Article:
|Trade names||Azulfidine, Salazopyrin, Sulazine, others|
|Elimination half-life||5-10 hours|
|Chemical and physical data|
|Molar mass||398.394 g/mol|
|3D model (JSmol)|
|(what is this?)|
Sulfasalazine (SSZ), sold under the trade name Azulfidine among others, is a medication used to treat rheumatoid arthritis, ulcerative colitis, and Crohn's disease. It is often considered as a first line treatment in rheumatoid arthritis. It is taken by mouth.
Significant side effects occur in about 25% of people. Commonly these include loss of appetite, nausea, headache, and rash. Severe side effects include bone marrow suppression, liver problems, and kidney problems. It should not be used in people allergic to aspirin or sulfonamide. Use during pregnancy appears to be safe for the baby. Sulfasalazine is in the disease-modifying antirheumatic drugs (DMARDs) family of medications. It is unclear exactly how it works but is broken down into sulfapyridine and 5-aminosalicylic acid.
Sulfasalazine was approved for medical use in the United States in 1950. It is on the World Health Organization's List of Essential Medicines, the most effective and safe medicines needed in a health system. Sulfasalazine is available as a generic medication. The wholesale cost in the developing world is about US$9–33 a month. In the United States it costs $25–50 per month.
Sulfasalazine is used in the treatment of inflammatory bowel disease, including ulcerative colitis and Crohn's disease. It is also indicated for use in rheumatoid arthritis and used in other types of inflammatory arthritis (e.g. psoriatic arthritis and reactive arthritis).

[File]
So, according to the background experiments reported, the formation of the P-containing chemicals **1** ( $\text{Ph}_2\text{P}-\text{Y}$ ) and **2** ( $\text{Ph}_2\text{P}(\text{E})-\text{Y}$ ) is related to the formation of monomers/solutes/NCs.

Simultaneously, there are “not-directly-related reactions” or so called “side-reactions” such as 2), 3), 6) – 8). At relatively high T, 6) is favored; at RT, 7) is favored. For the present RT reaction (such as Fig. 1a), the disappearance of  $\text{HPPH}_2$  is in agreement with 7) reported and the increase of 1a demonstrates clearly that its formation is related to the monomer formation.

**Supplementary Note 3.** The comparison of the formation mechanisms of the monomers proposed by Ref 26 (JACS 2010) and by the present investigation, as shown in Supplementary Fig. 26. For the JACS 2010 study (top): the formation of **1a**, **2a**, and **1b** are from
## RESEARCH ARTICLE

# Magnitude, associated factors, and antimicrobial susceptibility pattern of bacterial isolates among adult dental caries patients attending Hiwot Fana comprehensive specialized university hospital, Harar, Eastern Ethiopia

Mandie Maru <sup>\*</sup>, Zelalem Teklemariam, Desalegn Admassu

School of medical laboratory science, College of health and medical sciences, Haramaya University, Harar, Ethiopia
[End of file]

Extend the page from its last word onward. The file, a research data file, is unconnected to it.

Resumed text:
It is usually not given to children under 2 years of age.
Sulfasalazine metabolizes to sulfapyridine. Serum levels should be monitored every three months, and more frequently at the outset. Serum levels above 50 μg/l are associated with side effects. In rare cases, Sulfasalazine can cause severe depression in young males. It can also cause oligospermia and temporary infertility. Immune thrombocytopenia has been reported.
Around 90% of a dose of sulfasalazine reaches the colon, where most of it is metabolized by bacteria into sulfapyridine and mesalazine (also known as 5-aminosalicylic acid or 5-ASA). Both metabolites are active; most of the sulfapyridine is absorbed and then further metabolized, but most mesalazine is not, and remains in the colon.
A mix of unchanged, hydroxylated, and glucuronidated sulfapyridine is eliminated in urine, as is acetylated mesalazine and unmetabolized sulfasalazine.
The mechanism of action is not clear, but it appears that sulfasalazine and its metabolites have immunosuppressive, antibacterial, and anti-inflammatory effects. It also appears to inhibit the cystine-glutamate antiporter.
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